Transient Occupancy Tax was impacted tremendously from the pandemic as revenue totaled only $6.3 million, which represented lost revenue of $11.5 million in 2021. Travel has increased significantly since that time, and TOT revenue is expected to approach $17 million in the current year, and exceed pre-COVID-19 levels next year at more than $18 million.  The Rose Bowl, golf courses and convention center have all realized a tremendous rebound the past 12 months, with a positive outlook ahead.

While the economy has rebounded well the last couple of years and we depend on that continued strength to fund the critical services we provide to the community, we will proceed prudently and cautiously, keeping in mind the overall delicate financial environment.  The current consensus is that our financial position is stable, and unlike other jurisdictions that did not resist the urge to overspend, our General Fund Reserve is once again fully funded.   As things got better, we focused on replenishing our rainy day fund and today we are prepared for a rainy day.

Notwithstanding our strong financial and reserve position, at City Hall we are continually assessing and reassessing, and we will be prepared if we see a reduction in revenues.  Each year the City develops a budget that strives to balance the community’s needs with the financial resources available and, although the potential for a recession in the near term of 6-18 months continues, Pasadena is in a solid position to withstand a potential slowing in the economy.

We are closely watching the State’s budget and the now projected $30 billion shortfall, and anticipating a possible reduction of one-time funds to our City that come from both the state and federal government.  Be assured that we will be financially prudent with the City’s budget, continue to manage your tax dollars responsibly, and be mindful not to cause unnecessary increased costs to residents, particularly those who can least afford it.

Where We’re Headed

Looking forward to Fiscal Year 2024, the delicate balance will continue as we review where our funds are allocated and how we address critical needs in the community.  I’m optimistic about the future and we all should proudly celebrate our recent victories, such as the relinquishment of the 710-stub property, and the awarding of more than $180 million in Measure R funding from METRO to fund critical infrastructure projects related to transportation.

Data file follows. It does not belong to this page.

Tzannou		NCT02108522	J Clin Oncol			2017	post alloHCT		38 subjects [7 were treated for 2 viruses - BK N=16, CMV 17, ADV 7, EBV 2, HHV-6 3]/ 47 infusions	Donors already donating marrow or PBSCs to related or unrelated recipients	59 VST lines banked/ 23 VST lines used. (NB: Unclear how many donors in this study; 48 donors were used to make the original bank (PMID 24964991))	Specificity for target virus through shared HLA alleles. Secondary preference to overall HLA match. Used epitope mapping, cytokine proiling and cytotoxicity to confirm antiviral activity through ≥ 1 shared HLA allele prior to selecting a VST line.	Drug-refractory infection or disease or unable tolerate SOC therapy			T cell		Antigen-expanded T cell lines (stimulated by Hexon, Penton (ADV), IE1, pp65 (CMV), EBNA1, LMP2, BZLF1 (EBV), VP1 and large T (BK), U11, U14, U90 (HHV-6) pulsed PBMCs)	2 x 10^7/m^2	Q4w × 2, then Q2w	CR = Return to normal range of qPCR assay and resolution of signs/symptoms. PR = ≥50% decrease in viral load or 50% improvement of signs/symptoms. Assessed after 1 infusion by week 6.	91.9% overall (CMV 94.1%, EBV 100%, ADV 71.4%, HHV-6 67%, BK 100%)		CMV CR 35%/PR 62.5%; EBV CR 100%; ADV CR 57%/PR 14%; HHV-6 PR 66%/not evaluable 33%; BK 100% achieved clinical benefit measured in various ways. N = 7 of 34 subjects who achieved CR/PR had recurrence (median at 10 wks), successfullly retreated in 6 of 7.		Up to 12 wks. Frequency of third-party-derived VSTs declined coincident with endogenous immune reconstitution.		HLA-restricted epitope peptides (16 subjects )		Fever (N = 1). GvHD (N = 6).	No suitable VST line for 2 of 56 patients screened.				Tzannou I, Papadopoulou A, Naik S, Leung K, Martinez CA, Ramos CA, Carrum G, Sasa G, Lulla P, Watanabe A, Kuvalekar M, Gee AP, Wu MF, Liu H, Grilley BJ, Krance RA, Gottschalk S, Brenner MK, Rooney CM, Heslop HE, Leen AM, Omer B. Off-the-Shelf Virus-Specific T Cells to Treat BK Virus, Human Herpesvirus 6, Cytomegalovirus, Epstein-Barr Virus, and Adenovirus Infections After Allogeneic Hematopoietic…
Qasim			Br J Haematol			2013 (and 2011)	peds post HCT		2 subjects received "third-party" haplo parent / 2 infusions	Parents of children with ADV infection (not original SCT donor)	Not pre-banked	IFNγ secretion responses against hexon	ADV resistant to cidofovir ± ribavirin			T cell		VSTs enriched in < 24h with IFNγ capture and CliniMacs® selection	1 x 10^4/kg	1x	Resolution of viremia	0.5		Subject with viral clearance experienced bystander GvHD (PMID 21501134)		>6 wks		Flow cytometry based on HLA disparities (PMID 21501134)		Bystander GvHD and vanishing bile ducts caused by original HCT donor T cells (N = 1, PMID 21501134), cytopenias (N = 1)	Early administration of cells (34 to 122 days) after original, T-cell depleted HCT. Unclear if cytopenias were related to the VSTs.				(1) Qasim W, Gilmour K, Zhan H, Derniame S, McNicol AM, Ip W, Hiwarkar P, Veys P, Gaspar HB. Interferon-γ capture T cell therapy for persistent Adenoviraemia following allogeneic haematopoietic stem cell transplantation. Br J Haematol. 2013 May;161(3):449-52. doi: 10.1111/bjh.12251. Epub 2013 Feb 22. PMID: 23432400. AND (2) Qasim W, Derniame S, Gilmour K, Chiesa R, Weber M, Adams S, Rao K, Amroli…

With the 710-corridor planning process soon underway, we must keep in mind the complexity ahead.  This is no planning exercise, and it is essential that we get it right! Restitching our City requires imagination, expertise in planning, finance, open space, transportation, municipal infrastructure, housing, history, and commerce—just to name a few. I am a firm believer that a good process leads to a good outcome. So I invite all of you to participate as we reimagine the Pasadena of tomorrow while respecting the beautiful City that we have inherited from generations of Pasadenans.

On the Housing front, our regional partnerships were strengthened and expanded last year.  Now that we have rejoined the San Gabriel Valley Council of Governments and are lending our voice regionally, the 31 cities of the San Gabriel Valley have created a housing trust fund and are building much-needed housing in the region.  Also, working with our  neighboring cities of Glendale and Burbank, Pasadena established a Regional Housing Trust to construct housing opportunities in our collective communities. That Trust is already funded with $23 million dollars from the state.  Pasadena remains committed to supporting our Housing Department’s important work of increasing affordable housing opportunities in our city as we work with our neighboring cities to do the same.

As it relates to community safety, let’s continue to work on ensuring that our Police Department, Fire Department, and Health Department have a comprehensive approach to violence prevention and crime reduction that includes the best trained and properly staffed departments.  Let’s also focus on programs anchored in a public health approach, and provide residents of all ages the opportunity to participate in positive and constructive activities that enrich their lives.

Now let’s talk about our beloved Central Library.  Attention must be given to this cornerstone of the Civic Center, which needs renovation.  As we find a way to preserve the Central Library, let’s also rethink how we provide library services.

When it comes to the environment, let’s continue our commitment to issues associated with climate change and ensure we do our best to effectively protect the environment in a way that considers the very real costs to residents, especially those who are already struggling to keep the lights on, a roof over their heads, and food on their tables.